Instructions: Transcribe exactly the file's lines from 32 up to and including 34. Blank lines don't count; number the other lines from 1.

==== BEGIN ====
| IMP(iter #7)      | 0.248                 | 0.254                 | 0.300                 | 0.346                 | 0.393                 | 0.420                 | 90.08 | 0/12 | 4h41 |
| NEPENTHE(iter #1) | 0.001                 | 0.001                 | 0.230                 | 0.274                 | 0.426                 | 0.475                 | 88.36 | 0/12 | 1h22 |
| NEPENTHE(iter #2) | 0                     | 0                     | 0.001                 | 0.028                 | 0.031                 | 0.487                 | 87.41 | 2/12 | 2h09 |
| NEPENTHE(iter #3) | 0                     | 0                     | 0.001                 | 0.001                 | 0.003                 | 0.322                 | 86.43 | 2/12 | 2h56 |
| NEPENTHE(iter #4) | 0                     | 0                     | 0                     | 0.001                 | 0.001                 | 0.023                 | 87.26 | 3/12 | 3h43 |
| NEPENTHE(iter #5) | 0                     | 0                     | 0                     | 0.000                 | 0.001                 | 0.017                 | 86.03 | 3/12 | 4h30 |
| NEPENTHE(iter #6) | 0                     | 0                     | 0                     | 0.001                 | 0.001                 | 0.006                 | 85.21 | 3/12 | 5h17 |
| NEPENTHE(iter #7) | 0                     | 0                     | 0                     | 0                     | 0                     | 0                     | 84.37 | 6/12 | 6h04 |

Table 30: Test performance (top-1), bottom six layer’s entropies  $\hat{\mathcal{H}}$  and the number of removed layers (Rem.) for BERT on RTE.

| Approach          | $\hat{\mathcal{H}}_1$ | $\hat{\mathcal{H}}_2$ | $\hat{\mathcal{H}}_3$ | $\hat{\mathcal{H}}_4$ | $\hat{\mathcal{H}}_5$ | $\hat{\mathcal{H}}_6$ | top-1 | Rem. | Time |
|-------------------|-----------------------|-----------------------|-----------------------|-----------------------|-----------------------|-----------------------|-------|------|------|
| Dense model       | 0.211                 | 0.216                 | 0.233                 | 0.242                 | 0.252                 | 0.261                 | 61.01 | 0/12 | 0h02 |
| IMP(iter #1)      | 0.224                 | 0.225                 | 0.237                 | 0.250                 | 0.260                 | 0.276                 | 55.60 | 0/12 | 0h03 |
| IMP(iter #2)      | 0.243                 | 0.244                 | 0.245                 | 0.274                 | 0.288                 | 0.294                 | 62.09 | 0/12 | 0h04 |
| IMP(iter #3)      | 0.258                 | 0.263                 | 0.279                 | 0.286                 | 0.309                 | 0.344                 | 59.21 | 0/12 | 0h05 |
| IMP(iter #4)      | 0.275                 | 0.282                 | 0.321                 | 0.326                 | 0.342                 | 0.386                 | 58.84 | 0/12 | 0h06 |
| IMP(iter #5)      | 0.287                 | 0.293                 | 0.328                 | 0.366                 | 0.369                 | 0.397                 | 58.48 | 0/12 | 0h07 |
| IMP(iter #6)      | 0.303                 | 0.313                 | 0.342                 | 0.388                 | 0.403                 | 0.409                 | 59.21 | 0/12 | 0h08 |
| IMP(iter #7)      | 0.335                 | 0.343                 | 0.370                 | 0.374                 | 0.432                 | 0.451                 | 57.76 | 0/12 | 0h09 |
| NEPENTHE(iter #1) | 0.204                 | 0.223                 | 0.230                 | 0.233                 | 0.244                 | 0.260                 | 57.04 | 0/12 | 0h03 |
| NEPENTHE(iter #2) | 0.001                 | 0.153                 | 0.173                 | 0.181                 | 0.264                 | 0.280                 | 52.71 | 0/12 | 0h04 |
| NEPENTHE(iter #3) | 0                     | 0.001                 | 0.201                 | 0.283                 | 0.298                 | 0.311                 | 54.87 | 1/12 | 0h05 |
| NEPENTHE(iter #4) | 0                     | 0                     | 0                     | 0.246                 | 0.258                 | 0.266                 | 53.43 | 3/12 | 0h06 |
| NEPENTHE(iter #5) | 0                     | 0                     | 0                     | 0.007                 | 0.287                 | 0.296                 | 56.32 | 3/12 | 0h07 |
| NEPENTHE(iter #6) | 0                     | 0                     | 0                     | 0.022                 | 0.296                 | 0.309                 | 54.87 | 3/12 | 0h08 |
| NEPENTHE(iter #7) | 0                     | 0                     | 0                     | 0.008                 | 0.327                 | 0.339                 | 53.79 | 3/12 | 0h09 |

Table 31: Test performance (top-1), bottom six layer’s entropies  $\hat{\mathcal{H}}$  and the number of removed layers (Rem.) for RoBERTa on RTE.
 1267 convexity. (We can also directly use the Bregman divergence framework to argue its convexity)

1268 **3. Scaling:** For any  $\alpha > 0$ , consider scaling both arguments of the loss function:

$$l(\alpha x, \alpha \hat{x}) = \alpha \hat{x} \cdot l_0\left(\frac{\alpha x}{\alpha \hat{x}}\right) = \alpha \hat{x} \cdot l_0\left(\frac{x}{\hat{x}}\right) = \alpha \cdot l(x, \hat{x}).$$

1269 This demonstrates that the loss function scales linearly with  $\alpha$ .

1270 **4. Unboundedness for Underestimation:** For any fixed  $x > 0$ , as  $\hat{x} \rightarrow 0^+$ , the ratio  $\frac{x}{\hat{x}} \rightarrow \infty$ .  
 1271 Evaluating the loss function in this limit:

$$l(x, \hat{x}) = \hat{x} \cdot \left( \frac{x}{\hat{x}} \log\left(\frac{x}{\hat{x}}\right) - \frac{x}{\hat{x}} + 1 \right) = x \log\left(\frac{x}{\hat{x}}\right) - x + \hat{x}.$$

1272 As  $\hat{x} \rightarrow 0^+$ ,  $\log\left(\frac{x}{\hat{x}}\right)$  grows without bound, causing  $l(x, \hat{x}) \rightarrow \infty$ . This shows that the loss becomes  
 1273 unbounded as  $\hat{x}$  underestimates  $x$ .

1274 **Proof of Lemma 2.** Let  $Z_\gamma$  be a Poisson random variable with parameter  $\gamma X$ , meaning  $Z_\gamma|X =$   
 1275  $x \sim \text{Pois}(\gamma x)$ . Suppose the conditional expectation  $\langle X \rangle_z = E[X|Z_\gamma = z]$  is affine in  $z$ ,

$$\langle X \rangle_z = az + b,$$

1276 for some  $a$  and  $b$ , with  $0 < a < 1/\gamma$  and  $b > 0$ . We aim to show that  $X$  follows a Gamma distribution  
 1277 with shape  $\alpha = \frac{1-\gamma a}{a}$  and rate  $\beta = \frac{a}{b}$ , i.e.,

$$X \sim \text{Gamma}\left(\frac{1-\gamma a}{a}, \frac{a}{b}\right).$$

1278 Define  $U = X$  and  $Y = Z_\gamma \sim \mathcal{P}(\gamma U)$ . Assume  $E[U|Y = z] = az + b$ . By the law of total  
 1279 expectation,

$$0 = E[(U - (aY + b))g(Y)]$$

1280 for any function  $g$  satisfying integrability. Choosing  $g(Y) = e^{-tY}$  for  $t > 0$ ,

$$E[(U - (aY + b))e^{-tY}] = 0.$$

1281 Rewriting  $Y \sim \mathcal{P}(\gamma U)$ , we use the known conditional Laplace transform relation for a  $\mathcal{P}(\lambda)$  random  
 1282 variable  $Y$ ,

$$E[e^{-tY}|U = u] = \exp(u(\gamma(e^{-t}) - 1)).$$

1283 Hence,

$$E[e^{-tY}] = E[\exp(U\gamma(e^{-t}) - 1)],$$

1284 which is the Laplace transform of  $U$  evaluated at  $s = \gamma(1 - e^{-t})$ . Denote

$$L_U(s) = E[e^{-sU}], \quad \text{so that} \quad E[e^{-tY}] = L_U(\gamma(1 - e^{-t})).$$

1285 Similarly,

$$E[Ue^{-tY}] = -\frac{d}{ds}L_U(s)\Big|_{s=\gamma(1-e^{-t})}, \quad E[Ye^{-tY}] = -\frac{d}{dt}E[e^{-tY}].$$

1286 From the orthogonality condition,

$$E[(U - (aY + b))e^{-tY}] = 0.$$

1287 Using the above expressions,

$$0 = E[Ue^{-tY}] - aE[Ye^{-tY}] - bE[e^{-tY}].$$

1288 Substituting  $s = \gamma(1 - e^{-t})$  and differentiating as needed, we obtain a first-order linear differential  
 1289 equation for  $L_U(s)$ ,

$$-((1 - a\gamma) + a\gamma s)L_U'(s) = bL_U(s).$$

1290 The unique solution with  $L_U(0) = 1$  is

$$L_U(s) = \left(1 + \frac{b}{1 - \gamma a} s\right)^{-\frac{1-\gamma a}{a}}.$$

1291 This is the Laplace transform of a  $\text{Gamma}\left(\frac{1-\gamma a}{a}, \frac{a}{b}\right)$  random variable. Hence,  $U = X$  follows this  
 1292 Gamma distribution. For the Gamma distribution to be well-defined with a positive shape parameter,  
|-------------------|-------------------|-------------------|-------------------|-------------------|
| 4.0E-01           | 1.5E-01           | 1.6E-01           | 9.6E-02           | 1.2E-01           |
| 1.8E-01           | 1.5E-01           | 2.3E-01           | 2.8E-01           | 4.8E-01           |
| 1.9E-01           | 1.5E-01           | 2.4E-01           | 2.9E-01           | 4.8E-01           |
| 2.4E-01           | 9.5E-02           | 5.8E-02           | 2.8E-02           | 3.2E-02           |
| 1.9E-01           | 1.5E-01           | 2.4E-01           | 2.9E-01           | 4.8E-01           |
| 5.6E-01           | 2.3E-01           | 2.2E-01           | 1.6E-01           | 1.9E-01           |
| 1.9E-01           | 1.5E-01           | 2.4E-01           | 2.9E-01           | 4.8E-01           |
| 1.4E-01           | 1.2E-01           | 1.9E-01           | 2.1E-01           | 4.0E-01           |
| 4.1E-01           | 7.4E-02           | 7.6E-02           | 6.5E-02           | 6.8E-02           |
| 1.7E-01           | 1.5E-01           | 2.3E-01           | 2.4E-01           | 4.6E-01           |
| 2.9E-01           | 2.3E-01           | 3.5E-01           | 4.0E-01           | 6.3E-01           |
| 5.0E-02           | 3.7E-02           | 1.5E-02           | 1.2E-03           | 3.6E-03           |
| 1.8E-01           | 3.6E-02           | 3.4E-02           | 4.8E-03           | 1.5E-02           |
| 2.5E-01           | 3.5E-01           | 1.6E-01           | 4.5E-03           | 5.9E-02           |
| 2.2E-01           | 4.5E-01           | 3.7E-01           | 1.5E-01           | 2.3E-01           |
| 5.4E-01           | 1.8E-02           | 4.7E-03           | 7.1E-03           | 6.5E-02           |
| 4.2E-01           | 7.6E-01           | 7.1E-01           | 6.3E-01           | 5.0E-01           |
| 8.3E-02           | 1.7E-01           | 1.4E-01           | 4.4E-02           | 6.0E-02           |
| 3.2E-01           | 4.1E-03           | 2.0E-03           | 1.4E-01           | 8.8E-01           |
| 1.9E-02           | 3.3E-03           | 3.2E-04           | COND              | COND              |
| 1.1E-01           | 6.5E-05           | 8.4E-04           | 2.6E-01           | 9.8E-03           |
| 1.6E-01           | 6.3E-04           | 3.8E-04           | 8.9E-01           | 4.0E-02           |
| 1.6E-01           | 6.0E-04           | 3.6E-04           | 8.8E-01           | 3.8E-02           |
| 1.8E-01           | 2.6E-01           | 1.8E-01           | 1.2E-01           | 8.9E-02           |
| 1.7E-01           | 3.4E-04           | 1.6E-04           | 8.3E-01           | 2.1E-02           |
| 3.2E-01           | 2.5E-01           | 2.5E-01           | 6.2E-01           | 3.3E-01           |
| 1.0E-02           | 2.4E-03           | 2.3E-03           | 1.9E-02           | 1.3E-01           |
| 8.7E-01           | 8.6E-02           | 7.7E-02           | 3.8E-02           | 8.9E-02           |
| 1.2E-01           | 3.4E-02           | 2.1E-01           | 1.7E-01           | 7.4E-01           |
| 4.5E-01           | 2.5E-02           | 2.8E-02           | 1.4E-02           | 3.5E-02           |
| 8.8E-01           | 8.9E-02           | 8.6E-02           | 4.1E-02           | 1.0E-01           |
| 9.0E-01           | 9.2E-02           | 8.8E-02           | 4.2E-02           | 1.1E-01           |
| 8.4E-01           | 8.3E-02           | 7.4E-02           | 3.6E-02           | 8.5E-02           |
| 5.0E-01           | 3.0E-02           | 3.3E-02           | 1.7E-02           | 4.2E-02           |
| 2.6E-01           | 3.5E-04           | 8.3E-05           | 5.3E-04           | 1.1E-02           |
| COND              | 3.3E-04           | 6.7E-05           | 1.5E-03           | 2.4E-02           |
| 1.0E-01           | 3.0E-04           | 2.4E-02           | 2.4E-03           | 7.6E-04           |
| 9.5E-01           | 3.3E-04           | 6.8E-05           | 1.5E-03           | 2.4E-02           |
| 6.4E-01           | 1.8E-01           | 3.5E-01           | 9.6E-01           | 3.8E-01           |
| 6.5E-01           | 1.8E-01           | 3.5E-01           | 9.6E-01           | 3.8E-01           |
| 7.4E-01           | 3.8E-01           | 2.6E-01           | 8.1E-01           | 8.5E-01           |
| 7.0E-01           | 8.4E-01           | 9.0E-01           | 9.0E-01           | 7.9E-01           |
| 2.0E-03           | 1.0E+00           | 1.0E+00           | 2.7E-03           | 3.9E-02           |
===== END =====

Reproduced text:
1270 **4. Unboundedness for Underestimation:** For any fixed  $x > 0$ , as  $\hat{x} \rightarrow 0^+$ , the ratio  $\frac{x}{\hat{x}} \rightarrow \infty$ .  
 1271 Evaluating the loss function in this limit:

$$l(x, \hat{x}) = \hat{x} \cdot \left( \frac{x}{\hat{x}} \log\left(\frac{x}{\hat{x}}\right) - \frac{x}{\hat{x}} + 1 \right) = x \log\left(\frac{x}{\hat{x}}\right) - x + \hat{x}.$$